I may not be able to reply to any response till Monday, but I will if able.

  • Giles August 14, 2015, 6:53 pm

    To flesh out my position on Gay marriage I think Paul’s comments on homosexuality (other than Romans 1) repeat the Old Testament prohibitions and thus are subject to the same qualification. He condemns laying with a man “as with a woman”.
    On Romans 1 I think the traditionalists miss the punch line due to the chapter divisions added later. Taken literally Paul teaches a widespread abandonment of heterosexual relations for homosexual ones on the part of pagans. Yet notwithstanding tolerance of certain kinds of bisexuality in the Greco-Roman world no such abandonment occurred. Almost all those who had homosexual relations also married and had children. The problem vanishes when we see that Paul is painting a deliberately hyperbolic portrait of pagan sexuality to lay a trap for self righteous and Judaising readers. That trap is sprung in Romans 2:1 “you then have no excuse…”. If Paul aims at inaccuracy (hyperbole) it’s no offence if he achieves it. No normative teaching can be hung on a hyperbolic flourish.
    I don’t hold to the view of some pro gay exegetes that the ancient world knew nothing of loving homosexual relations. They had the clear example of Alexander and Hephaistion, which paralleled that of David and Jonathan and thus did not (IMO) violate the biblical prohibitions. From a Christian retro-perspective David (and Alexander) might be criticised for polygamy but as their Gay relationships came first it would be their heterosexual marriages that would be open to criticism.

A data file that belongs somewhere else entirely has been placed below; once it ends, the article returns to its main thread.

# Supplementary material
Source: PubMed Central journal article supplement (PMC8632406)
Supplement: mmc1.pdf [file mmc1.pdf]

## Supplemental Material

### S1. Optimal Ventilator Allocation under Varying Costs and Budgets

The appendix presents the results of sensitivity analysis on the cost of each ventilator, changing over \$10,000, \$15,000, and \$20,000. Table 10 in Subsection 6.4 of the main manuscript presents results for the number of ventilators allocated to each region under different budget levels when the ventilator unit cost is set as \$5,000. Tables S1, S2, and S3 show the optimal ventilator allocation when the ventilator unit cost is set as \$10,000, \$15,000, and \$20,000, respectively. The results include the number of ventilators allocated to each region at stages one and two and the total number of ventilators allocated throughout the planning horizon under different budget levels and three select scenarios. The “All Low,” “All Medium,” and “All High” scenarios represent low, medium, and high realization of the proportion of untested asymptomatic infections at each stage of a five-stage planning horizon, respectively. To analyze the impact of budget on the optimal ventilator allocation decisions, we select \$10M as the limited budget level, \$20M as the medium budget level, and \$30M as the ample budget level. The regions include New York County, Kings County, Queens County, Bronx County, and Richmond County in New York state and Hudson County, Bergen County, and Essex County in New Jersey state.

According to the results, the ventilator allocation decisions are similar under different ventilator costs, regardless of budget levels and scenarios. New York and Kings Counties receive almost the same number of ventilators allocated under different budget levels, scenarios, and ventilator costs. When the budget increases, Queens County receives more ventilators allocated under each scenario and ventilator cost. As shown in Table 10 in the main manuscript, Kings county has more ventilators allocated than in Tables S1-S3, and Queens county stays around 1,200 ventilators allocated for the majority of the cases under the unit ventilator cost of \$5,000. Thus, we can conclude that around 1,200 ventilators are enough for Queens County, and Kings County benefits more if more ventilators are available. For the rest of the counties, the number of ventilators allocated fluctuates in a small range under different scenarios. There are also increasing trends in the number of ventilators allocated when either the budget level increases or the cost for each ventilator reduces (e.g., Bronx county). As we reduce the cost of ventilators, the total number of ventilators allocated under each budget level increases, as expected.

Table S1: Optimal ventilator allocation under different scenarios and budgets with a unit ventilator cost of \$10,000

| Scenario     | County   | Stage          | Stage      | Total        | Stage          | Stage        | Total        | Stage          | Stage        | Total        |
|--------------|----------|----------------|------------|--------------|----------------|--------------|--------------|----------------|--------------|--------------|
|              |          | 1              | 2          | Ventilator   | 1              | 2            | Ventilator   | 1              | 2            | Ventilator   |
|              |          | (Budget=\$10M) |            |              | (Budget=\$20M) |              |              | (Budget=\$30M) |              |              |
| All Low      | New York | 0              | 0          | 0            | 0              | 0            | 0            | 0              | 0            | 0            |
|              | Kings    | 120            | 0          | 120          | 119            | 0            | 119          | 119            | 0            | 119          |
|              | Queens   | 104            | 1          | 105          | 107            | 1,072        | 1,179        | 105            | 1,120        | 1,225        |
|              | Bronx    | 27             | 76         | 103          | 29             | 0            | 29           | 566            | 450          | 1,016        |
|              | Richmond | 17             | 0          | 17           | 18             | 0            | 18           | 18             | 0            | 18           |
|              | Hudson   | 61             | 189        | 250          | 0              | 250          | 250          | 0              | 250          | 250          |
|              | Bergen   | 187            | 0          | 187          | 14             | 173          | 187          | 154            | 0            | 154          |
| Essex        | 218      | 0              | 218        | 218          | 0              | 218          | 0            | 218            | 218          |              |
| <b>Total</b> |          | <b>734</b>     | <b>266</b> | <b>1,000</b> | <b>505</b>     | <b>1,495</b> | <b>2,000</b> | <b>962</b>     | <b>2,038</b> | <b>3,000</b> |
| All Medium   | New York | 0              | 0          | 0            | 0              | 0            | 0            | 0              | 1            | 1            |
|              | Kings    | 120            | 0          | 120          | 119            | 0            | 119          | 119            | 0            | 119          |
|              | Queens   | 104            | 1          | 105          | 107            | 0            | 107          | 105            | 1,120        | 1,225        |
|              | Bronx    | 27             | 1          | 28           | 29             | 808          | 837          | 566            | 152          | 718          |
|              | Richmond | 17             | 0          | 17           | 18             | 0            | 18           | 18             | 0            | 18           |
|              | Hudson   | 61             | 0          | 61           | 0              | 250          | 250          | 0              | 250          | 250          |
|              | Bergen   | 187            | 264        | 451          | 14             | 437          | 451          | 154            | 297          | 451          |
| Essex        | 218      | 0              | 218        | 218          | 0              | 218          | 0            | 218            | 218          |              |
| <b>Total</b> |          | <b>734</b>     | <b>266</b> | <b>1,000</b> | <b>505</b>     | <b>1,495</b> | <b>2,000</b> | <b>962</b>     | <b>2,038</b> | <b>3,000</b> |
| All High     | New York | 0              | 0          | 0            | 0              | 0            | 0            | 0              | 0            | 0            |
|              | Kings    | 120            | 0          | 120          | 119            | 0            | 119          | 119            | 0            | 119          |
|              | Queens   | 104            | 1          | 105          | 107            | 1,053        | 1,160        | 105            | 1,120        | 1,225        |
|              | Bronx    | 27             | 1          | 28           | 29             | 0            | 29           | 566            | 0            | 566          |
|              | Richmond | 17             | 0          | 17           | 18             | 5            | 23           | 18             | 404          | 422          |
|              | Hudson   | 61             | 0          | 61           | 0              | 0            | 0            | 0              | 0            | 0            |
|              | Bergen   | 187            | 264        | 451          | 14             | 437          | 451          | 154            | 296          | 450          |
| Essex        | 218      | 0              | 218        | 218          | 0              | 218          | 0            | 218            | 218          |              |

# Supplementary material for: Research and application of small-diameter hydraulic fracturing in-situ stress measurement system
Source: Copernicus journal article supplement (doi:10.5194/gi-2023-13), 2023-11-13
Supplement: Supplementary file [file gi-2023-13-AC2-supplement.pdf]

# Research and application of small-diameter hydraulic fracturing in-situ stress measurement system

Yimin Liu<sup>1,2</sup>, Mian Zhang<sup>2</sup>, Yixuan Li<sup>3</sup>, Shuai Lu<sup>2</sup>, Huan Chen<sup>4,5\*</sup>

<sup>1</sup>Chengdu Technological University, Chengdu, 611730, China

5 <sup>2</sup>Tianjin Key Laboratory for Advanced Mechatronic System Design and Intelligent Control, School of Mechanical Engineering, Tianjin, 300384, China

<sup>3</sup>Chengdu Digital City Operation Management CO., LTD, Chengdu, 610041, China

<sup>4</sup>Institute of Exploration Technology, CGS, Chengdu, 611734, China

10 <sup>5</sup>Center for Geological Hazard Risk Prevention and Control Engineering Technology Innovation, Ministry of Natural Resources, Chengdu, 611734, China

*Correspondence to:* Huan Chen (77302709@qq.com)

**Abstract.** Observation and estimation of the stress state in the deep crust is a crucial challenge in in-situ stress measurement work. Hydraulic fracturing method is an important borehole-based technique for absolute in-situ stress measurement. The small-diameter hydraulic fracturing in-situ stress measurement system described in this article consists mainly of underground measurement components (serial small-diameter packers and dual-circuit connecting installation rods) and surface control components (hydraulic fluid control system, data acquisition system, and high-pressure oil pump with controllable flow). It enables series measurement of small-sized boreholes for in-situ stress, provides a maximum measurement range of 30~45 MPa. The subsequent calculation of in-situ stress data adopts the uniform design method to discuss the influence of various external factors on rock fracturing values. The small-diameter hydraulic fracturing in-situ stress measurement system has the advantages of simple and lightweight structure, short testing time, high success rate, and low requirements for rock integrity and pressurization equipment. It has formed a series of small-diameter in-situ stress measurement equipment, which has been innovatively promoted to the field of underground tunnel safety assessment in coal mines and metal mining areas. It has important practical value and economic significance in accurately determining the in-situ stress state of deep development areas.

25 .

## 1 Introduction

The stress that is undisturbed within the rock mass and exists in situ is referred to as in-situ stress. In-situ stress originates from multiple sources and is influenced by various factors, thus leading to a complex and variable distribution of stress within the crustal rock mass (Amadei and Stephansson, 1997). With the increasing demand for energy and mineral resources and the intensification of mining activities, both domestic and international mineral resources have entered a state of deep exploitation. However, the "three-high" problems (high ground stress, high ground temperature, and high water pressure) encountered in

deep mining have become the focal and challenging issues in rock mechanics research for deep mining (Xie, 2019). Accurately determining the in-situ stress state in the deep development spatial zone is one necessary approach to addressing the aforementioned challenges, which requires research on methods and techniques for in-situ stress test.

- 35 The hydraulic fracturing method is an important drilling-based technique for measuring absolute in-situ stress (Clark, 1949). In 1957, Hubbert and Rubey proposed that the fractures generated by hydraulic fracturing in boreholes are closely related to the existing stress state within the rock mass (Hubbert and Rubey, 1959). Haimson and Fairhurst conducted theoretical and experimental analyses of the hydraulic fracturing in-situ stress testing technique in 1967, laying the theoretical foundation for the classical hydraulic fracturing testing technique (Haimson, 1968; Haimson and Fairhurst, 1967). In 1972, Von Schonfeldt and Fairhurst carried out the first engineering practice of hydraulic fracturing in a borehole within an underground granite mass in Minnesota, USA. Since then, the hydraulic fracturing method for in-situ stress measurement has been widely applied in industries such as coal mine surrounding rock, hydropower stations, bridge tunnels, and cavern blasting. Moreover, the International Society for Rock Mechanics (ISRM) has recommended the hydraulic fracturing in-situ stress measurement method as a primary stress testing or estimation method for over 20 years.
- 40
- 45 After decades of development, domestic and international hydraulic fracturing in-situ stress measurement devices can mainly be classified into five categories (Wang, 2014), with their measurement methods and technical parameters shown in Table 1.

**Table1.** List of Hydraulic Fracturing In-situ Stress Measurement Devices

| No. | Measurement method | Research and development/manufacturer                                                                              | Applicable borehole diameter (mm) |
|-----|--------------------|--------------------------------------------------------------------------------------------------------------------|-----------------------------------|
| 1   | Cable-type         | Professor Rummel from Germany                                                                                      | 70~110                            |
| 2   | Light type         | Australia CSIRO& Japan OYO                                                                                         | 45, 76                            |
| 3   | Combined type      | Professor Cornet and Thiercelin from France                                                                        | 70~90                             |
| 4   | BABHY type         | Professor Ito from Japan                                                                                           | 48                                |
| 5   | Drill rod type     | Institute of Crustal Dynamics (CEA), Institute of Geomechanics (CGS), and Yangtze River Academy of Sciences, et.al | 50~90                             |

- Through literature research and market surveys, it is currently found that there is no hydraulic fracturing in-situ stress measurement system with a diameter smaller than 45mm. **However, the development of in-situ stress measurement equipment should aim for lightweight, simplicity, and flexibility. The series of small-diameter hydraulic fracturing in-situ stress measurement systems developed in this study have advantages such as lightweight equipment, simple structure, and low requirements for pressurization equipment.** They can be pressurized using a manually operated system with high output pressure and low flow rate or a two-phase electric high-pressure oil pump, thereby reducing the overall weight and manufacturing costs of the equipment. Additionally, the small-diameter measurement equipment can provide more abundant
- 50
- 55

I am aware all this puts me beyond the pale for many Christians, again I only ask (though with little hope of being heard) that traditionalists can accept the sincerity of my reading.

  • Glenn August 14, 2015, 8:35 pm

    Christopher – 1) is unsubstantiated. Your opinion of what’s ludicrous doesn’t matter. If you are right, you haven’t got a case to show it. But you and I discussed the Levirate marriage, as well as the specific point you’re now making assertions about, in the old thread that I linked to. So there’s nothing new to add here, other than to just note that you had no evidence then and none now.

    You have been linked already to Jewish sources on polygamy and shown that Christian and Jewish perspectives agree that polygamy was not the biblical model, even when it was tolerated as not ideal. This has been established beyond sensible doubt – your repetitions notwithstanding. You have just ignored the Jewish and Christian sources. Again, this was generously covered in the old thread.

    You have a tactic of making claims, then having them absolutely refuted with clear evidence, then waiting a long time and just repeating them again, hoping people will have forgotten, or maybe a new audience will see your claims. You did it in the old thread, and now after a long break you’re doing it again. I’m not going to entertain it here again. Thanks for your claim, noted, but it has been addressed before.

    Take care.

    (As you knew would happen, your further foray into eunuchs has been removed. I told you in advance that’s what would happen. The evidence, I think, was clearly offered, and if you want to write about it, start a blog.)